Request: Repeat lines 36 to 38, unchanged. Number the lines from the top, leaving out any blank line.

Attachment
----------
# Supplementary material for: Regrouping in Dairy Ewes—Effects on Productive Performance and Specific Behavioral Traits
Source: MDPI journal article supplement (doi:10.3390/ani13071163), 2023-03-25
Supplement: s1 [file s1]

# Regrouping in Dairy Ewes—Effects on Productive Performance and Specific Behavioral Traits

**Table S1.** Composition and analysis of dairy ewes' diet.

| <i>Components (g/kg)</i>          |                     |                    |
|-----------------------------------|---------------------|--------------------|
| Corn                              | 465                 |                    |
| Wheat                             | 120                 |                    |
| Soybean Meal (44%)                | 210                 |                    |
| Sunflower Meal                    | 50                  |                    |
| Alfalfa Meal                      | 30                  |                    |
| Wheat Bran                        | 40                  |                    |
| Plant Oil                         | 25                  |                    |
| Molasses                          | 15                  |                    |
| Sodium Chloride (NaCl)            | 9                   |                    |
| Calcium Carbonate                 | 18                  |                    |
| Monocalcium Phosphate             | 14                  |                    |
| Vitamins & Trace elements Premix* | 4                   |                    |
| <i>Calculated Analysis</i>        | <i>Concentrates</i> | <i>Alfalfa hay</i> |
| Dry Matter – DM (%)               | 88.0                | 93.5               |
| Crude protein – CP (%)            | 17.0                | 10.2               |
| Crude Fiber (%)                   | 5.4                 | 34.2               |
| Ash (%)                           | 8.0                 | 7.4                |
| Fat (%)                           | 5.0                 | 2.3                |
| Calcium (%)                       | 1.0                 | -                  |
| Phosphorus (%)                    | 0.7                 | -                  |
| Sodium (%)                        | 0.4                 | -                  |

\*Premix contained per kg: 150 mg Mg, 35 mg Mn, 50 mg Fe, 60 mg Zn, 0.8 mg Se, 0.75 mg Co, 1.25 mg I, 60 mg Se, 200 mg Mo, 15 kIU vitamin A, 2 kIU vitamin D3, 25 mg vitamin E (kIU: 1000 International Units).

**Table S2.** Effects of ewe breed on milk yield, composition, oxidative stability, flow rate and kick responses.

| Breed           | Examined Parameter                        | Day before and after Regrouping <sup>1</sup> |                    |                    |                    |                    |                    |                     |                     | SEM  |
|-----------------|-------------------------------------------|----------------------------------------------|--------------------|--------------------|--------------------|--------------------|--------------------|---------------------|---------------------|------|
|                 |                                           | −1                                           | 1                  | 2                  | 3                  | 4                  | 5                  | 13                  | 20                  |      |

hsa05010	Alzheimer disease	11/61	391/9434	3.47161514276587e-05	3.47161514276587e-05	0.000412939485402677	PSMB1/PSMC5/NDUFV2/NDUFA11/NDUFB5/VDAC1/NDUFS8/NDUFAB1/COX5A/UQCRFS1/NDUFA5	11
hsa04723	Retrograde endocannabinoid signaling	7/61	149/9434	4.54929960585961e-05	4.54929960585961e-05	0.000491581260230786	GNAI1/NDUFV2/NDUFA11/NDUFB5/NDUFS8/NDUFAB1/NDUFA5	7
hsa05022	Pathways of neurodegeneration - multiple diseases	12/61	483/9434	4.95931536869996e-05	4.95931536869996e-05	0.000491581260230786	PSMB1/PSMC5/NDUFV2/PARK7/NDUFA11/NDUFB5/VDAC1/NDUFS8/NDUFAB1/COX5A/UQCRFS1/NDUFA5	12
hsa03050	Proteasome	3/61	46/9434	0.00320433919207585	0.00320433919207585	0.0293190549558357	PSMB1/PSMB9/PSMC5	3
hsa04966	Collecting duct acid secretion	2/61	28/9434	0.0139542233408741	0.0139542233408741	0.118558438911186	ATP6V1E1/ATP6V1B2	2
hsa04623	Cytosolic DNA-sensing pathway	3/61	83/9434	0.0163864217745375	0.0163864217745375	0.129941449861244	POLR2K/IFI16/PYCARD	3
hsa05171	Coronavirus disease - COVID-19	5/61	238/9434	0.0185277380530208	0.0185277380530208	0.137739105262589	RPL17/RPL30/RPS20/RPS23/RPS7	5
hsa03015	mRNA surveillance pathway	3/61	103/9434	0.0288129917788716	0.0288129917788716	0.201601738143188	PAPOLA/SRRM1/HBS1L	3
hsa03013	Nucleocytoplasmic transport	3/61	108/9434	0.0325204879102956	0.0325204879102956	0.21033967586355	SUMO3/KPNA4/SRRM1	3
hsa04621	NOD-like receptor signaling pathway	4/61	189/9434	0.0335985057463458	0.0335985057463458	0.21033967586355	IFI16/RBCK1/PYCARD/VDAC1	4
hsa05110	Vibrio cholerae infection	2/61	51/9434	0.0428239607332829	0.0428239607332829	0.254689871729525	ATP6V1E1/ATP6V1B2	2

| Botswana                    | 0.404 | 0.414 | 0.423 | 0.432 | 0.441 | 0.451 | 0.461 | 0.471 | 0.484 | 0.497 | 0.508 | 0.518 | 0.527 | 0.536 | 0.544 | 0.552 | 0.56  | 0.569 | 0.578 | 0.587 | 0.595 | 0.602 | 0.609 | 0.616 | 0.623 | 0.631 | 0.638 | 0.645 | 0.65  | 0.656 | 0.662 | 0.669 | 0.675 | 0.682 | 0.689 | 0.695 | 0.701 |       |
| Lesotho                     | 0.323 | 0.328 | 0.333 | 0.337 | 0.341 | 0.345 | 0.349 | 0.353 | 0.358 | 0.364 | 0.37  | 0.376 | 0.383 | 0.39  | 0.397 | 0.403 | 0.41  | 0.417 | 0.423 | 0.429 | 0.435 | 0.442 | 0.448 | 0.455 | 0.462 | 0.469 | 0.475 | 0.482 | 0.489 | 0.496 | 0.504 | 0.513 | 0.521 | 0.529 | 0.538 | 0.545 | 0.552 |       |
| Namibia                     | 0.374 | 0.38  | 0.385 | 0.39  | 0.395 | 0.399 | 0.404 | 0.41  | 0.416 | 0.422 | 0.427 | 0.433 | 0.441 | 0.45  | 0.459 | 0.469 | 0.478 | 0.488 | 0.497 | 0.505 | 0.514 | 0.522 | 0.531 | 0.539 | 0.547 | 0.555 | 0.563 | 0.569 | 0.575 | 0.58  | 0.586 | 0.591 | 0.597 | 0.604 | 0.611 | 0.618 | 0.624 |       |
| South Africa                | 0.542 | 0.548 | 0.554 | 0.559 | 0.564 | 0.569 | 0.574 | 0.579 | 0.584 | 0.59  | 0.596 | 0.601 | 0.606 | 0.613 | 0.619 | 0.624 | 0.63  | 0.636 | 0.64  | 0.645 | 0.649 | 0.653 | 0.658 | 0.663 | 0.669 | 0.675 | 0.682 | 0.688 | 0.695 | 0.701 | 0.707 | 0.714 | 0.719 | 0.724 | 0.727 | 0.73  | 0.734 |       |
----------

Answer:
hsa05022	Pathways of neurodegeneration - multiple diseases	12/61	483/9434	4.95931536869996e-05	4.95931536869996e-05	0.000491581260230786	PSMB1/PSMC5/NDUFV2/PARK7/NDUFA11/NDUFB5/VDAC1/NDUFS8/NDUFAB1/COX5A/UQCRFS1/NDUFA5	12
hsa03050	Proteasome	3/61	46/9434	0.00320433919207585	0.00320433919207585	0.0293190549558357	PSMB1/PSMB9/PSMC5	3
hsa04966	Collecting duct acid secretion	2/61	28/9434	0.0139542233408741	0.0139542233408741	0.118558438911186	ATP6V1E1/ATP6V1B2	2